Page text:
Best Defense

Thomas E. Ricks' daily take on national security.

Tom Lynch: Tom R., here’s what a nuanced Pakistan policy looks like

No one is ever right all the time, especially on problems as vexing as U.S. relations with Pakistan. That’s why I try to run guest columns that disagree with me. Here’s a take on Pakistan somewhat different from my view offered yesterday. By Col. Tom Lynch, U.S. Army (ret.) Best Defense bureau of responsible opposing ...

kevindooley/Flickr
kevindooley/Flickr
kevindooley/Flickr

No one is ever right all the time, especially on problems as vexing as U.S. relations with Pakistan. That's why I try to run guest columns that disagree with me. Here's a take on Pakistan somewhat different from my view offered yesterday.

By Col. Tom Lynch, U.S. Army (ret.)
Best Defense bureau of responsible opposing viewpoints

This is truly America's most troubled relationship with an erstwhile ally since the Soviet Union in World War II, but an important one to manage soberly and realistically.

No one is ever right all the time, especially on problems as vexing as U.S. relations with Pakistan. That’s why I try to run guest columns that disagree with me. Here’s a take on Pakistan somewhat different from my view offered yesterday.

By Col. Tom Lynch, U.S. Army (ret.)
Best Defense bureau of responsible opposing viewpoints

This is truly America’s most troubled relationship with an erstwhile ally since the Soviet Union in World War II, but an important one to manage soberly and realistically.

Realism requires us to grudgingly understand that Pakistan continues to operate from a paradigm where it demands equality with India, blames India for all of its perils, leverages "irregular warfare groups" (that are predominantly Islamic radicals) and nuclear weapons in a quixotic effort to level the security playing field with New Delhi, and ascribes nefarious motives to any country that doesn’t consistently help it score points against India in the region and internationally. It also requires us to acknowledge that designating Pakistan as enemy remains a course fraught with peril and outcomes far worse than we’ve seen to this point.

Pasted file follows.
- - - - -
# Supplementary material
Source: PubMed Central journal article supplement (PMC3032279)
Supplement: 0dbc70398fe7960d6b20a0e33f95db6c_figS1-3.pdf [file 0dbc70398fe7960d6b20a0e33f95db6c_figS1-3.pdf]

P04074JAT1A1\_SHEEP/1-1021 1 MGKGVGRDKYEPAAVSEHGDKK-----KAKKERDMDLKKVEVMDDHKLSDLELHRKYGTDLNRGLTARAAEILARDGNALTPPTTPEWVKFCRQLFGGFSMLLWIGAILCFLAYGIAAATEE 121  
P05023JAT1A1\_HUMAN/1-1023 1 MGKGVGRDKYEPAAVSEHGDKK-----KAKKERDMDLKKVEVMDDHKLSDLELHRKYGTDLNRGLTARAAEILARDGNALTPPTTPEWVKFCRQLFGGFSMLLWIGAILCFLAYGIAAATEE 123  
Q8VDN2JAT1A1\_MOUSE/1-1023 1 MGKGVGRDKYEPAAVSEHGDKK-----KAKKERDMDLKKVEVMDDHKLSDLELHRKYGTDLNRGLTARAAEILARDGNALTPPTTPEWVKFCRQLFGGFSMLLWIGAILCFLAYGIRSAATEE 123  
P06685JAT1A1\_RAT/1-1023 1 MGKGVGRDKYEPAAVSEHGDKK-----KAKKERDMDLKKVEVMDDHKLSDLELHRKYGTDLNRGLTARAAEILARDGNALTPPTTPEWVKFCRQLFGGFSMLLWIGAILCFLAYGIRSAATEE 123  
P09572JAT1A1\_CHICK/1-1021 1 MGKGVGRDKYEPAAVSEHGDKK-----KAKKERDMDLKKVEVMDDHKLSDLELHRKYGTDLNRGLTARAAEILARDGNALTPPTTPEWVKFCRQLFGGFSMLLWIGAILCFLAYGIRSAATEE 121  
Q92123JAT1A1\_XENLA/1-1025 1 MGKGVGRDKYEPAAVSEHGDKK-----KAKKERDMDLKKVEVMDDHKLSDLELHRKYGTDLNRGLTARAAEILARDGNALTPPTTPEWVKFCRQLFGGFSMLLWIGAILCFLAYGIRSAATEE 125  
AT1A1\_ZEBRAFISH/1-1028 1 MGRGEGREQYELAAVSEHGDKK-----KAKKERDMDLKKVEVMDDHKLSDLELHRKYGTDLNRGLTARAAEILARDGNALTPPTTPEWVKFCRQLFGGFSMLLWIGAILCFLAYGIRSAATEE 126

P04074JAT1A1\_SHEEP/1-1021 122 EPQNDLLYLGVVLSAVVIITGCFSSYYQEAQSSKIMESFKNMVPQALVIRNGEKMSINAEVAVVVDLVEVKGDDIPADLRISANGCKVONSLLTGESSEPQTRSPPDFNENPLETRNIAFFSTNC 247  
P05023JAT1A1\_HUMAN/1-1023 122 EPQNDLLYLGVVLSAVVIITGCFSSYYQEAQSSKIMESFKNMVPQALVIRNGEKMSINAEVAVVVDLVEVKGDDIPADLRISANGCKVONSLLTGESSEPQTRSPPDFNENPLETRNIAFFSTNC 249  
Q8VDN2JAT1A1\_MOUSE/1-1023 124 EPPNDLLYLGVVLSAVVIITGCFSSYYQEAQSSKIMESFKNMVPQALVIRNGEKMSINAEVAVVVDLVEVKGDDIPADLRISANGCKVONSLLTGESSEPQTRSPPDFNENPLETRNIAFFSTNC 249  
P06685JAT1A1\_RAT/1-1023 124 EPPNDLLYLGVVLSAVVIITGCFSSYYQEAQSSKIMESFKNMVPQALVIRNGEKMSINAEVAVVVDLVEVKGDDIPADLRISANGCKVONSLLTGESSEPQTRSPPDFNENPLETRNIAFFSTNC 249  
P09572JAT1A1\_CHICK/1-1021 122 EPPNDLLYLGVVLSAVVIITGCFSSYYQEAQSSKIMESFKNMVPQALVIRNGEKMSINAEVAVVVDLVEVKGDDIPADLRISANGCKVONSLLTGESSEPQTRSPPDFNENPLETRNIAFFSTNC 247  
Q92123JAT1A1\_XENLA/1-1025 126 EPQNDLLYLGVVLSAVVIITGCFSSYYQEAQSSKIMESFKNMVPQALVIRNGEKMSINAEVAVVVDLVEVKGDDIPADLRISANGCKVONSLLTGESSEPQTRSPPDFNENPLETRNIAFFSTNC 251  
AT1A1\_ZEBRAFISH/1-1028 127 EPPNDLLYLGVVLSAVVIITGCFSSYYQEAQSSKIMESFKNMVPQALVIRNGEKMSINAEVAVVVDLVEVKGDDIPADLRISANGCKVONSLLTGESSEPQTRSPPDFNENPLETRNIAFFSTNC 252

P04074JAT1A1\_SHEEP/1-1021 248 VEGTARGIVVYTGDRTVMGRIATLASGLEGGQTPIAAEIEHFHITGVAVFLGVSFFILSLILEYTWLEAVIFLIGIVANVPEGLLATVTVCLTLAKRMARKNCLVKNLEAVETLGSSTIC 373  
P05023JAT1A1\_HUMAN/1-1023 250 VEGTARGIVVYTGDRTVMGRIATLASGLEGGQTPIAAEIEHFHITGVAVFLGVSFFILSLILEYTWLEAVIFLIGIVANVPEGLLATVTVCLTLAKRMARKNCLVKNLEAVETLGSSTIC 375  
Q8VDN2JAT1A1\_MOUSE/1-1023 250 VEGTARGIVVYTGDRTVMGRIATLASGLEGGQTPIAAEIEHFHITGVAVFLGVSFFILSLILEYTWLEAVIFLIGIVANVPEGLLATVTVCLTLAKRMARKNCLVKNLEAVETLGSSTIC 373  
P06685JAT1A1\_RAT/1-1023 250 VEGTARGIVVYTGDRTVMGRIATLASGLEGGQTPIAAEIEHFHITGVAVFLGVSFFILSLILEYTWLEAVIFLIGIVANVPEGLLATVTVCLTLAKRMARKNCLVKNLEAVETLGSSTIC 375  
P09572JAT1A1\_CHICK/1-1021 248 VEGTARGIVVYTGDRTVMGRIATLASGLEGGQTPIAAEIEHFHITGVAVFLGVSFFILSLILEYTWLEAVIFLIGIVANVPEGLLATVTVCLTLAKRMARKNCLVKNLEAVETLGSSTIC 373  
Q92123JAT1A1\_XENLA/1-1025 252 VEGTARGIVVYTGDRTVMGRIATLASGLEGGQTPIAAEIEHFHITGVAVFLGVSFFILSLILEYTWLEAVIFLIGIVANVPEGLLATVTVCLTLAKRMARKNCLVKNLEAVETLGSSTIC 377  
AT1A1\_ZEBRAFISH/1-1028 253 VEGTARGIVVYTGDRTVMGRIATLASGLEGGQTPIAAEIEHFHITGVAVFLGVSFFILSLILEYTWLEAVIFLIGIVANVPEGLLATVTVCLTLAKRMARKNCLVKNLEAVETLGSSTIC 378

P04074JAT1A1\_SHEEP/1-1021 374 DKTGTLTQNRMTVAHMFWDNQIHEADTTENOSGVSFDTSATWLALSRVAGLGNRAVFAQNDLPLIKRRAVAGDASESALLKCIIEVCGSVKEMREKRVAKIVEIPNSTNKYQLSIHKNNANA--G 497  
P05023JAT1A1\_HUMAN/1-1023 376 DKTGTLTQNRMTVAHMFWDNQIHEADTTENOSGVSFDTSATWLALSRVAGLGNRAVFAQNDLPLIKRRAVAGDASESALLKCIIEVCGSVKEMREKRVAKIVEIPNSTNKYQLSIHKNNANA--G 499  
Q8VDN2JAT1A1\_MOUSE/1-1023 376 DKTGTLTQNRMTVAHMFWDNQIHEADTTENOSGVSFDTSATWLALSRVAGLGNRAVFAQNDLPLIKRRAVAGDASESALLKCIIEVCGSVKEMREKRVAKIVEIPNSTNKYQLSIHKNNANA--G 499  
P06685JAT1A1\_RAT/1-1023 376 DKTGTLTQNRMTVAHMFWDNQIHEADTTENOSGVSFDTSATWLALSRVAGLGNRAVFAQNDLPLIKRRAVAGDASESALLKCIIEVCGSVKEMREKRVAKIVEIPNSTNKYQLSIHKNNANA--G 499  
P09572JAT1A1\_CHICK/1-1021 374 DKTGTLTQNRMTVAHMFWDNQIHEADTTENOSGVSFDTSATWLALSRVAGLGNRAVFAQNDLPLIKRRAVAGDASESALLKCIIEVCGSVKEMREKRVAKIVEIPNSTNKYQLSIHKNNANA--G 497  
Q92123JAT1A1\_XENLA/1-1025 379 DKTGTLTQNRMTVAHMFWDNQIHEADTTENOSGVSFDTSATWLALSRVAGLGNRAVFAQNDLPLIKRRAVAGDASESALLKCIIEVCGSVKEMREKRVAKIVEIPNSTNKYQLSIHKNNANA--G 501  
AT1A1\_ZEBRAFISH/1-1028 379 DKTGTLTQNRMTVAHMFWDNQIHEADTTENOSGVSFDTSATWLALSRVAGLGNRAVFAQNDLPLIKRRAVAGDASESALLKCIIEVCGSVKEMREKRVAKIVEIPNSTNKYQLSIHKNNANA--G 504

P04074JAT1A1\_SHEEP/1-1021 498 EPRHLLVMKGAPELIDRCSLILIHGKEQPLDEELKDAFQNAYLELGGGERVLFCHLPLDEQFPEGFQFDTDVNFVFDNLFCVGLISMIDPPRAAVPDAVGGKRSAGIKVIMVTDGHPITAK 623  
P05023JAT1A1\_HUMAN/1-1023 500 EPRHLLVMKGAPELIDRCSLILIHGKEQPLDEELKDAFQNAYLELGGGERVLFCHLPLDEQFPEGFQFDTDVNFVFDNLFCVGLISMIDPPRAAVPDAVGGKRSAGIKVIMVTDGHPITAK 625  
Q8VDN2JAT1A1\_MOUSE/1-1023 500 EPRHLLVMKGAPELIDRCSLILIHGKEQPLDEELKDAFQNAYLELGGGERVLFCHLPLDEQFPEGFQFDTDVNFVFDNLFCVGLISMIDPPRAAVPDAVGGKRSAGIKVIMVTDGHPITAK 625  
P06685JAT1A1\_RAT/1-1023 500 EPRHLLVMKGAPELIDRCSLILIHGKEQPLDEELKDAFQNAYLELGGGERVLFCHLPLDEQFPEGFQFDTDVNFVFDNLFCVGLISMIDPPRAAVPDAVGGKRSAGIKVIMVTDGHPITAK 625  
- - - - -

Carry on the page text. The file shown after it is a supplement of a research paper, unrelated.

In this context, our policy approach toward Pakistan since 2008/09 is wrongly branded as failure. Instead it has course-corrected a failed policy from 2001-07 of just feeding Musharraf money and trusting that he was committed to ending support for regional and international terrorists. Our efforts since late 2008 have been expensive, but far from failed. We’ve built a CT intel and strike network of depth and complexity in Afghanistan that has enabled many of our drone strikes and an extensive mapping of terrorist and militant ops there and in much of Pakistan. Capitalizing on Pakistani civilian differences with their mil-intel complex, and on PakMIL-ISI embarrassments over the entrails from the failed May 2010 Times Square terrorist bombing episode (and others), we’ve built an independent network of intelligence operatives within Pakistan.

The results are shown in the bin Laden raid, in drone strike successes against many senior international terror figures (a truth that Pakistan ISI obfuscation cannot alter), and in many other areas that we are not yet allowed to see in the unclassified world. Indeed, we’ve now got a set of processes and frameworks that enable us a window into Pakistan that can be game-changing — but not if Pakistan’s military-intelligence leadership won’t make the decision to change.

Now is the time to press PakMIL-ISI hard on its duplicity, on their need for a new narrative of Pakistan moving forward, and on our demands for cooperation in two immediate priorities: (1) Kill/capture Ayman al-Zawahiri and (2) Mounting pressure on the Afghan Taliban leadership to make it hard for them to regenerate losses suffered & suffering in Afghanistan. We won’t give these priorities a chance if we take this moment of greatest leverage as an excuse to just walk away. This won’t be an easy sell on Capitol Hill, but it is a vital one.

Col. Tom Lynch (U.S. Army, ret.) was special assistant to the chairman of the Joint Chiefs of Staff from 2008 to 2010. He is now the National Defense University’s distinguished research fellow for Near East and South Asia.

Thomas E. Ricks covered the U.S. military from 1991 to 2008 for the Wall Street Journal and then the Washington Post. He can be reached at ricksblogcomment@gmail.com. Twitter: @tomricks1

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